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Bernard Maroy Electrocoagulation for bleeding sigmoid carcinoma in a patient with severe heart failure and anticoagulation
Bernard Maroy, 17 October 2008

A 74-year old man bled severely from a small sigmoid cancer. He suffered from severe heart failure necessitating anti vitamin-K treatment and precluding any kind of surgery.

Electrocoagulation with flexible device stopped bleeding immediately after the first session. Scar was barely visible 1 year later. Finally, the patient died after 2 years without any clinical recurrence.

Electrocoagulation remains a good tool at rectal level, but also, owing to the flexible device, among peritonized parts of the digestive tract. It is important to perform without any deep sedation to keep pain as an alarm.


Complications of colonic carcinoma in inoperable patients pose difficult problems. Obstruction is treated by stenting [1] and bleeding can improve with radiotherapy [2], however, the latter is possible only on fixed parts of the colon.

Electrocoagulation has long been used for the treatment of small carcinoma, as well as for palliation [3-5], however, it has been almost forgotten [6, 7]. It is dangerous when used on peritonized parts of the digestive tract.

I describe here the successful treatment of a bleeding sigmoid carcinoma by electrocoagulation.

Case report

A 74-year-old male patient was referred for important anal bleeding since 1 month prior. He was suffering of severe congestive heart failure despite maximum medical treatment and was taking acenocoumarol for anticoagulation.

Colonoscopy was performed without sedation under oxygenotherapy. It attributed bleeding to a sigmoid 16 to 19 cm, 1/4 circumferential, well-differentiated carcinoma, 3 cm large, mostly fungating, without any important ulceration (Fig 1). Work-up failed to disclose any distant location. Abdominal ultrasonography failed to show any involvement of muscularis propria.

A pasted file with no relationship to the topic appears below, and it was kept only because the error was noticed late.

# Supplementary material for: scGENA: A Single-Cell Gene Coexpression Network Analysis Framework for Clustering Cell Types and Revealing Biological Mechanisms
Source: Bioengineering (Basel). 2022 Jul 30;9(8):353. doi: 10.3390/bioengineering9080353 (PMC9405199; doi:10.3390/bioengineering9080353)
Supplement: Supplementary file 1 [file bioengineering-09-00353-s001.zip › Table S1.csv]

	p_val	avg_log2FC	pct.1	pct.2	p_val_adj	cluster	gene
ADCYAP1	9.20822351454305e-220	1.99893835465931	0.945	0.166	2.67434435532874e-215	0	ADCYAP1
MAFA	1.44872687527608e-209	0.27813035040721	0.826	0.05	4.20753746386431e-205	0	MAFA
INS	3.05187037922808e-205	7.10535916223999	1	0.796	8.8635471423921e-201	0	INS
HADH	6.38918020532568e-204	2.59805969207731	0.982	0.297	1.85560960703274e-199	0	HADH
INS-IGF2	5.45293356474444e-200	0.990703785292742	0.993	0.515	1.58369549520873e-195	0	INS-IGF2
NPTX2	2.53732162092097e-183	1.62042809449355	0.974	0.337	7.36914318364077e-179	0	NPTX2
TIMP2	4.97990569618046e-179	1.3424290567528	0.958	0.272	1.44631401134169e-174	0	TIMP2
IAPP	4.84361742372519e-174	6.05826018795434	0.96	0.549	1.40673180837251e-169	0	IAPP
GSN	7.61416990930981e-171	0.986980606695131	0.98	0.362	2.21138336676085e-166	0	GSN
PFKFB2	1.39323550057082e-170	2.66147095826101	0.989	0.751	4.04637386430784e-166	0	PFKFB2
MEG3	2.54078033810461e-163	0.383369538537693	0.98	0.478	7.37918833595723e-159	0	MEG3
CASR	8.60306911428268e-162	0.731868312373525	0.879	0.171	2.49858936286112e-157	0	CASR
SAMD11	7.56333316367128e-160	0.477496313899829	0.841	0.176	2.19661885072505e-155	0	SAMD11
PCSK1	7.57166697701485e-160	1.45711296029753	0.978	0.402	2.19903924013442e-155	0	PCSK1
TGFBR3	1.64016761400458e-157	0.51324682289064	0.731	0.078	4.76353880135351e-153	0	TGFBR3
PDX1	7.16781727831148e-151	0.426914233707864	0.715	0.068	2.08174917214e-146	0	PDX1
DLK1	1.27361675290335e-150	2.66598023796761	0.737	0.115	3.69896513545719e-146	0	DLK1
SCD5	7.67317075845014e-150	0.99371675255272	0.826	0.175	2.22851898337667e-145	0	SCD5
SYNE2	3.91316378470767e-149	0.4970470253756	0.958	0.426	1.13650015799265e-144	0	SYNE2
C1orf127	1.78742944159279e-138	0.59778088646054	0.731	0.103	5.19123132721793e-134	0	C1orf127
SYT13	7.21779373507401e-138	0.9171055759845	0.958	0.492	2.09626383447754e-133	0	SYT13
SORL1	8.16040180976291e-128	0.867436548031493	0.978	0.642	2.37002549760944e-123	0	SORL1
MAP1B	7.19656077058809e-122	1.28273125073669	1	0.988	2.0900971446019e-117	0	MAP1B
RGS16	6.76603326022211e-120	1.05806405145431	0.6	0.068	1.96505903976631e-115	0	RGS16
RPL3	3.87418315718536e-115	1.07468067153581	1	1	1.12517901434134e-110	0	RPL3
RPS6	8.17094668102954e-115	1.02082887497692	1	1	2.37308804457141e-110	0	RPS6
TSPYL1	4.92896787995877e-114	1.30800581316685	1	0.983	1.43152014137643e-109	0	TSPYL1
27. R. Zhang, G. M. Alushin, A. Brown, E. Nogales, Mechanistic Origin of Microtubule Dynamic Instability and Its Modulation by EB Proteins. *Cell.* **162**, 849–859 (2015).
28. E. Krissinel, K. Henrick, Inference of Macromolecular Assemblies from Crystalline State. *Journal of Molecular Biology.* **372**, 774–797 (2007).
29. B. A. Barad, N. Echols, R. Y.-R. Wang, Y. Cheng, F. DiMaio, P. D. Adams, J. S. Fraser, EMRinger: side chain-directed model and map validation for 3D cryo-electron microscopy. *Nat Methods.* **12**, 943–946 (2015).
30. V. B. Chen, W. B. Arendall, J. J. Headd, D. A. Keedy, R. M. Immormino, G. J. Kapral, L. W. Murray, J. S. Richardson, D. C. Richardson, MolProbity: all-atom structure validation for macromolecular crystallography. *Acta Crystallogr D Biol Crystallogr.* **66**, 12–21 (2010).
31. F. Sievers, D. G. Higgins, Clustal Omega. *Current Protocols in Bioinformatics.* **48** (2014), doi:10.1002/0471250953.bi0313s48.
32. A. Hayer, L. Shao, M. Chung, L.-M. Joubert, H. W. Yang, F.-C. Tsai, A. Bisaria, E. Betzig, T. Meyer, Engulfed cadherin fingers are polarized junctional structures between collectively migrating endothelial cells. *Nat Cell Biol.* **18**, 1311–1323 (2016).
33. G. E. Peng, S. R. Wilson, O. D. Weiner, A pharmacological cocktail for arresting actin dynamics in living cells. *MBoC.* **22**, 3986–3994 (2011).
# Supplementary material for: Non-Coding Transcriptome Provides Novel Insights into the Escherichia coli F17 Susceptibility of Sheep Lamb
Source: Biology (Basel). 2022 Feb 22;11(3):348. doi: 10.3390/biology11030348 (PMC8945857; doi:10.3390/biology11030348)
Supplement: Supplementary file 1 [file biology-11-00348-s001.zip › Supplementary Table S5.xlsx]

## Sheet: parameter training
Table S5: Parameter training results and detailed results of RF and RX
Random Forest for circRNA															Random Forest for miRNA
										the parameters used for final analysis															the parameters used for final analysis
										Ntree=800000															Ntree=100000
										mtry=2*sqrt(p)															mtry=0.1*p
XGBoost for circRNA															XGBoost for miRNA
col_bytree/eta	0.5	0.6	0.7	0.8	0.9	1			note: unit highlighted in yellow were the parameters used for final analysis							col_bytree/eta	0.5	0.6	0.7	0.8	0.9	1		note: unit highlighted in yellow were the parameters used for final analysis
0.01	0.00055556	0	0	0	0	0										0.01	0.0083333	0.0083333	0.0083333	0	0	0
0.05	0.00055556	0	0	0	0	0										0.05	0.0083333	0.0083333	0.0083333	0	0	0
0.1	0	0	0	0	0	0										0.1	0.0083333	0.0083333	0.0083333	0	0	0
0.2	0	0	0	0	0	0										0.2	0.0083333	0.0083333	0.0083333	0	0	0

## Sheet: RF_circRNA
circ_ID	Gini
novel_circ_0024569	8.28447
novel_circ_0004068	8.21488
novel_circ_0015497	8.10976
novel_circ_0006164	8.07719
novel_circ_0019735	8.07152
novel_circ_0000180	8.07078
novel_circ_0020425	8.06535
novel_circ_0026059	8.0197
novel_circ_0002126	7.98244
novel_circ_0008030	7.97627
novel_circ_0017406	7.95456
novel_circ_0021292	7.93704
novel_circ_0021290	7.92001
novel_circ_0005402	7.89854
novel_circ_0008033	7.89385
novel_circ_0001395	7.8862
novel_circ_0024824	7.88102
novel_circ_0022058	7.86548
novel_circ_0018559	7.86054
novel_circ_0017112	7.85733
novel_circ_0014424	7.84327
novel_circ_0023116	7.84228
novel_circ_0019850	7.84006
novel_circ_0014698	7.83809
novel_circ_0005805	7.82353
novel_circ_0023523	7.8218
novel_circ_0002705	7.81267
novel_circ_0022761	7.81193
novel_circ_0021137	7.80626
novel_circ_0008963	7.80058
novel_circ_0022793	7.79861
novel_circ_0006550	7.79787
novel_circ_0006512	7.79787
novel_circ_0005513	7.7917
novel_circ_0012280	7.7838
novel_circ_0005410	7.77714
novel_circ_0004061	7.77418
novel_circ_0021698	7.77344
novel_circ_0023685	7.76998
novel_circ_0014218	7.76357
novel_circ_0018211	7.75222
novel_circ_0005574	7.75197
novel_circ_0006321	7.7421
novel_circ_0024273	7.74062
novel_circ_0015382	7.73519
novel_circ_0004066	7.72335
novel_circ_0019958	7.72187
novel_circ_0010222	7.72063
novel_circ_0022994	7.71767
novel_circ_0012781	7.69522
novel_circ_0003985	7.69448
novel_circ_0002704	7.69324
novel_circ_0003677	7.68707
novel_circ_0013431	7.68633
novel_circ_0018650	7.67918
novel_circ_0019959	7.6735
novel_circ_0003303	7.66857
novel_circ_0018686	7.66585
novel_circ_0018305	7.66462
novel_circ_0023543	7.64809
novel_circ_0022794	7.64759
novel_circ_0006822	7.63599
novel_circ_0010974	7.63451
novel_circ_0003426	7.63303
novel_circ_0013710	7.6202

Figure 1 Hemorrhagic cancer before coagulation.

Cardiologists and anesthesiologists stated that surgical intervention was absolutely impossible and that anticoagulation could not be stopped.

Dialogue with oncologists ruled out radiotherapy owing to the mobility of the sigmoid loop and chemotherapy owing to heart failure.

So, I used electrocoagulation according to a previously described method [8], with a tungsten ball screwed on an isolated wire before introducing the scope. It permits to adapt electrocoagulation principles to flexible endoscopy. The main problem was to stop bleeding and, if possible, to destroy the tumor, without taking any risk of complication.

Coagulation was performed with low intensity, according to Albert Poirier's principles [3], starting 2 cm apart from the tumor, from distal to proximal end, to obtain a progressive whitening without any pain. As a matter of fact, pain during coagulation means heating of peritoneum, and, therefore a risk of immediate or delayed perforation. This is a further reason to perform electrocoagulation on peritonized locations without any deep sedation.

Bleeding stopped immediately and failed to recur.

Control colonoscopy, 2 weeks later, showed a clean, white ulceration. Further light coagulation was performed on the borders and on ulceration itself.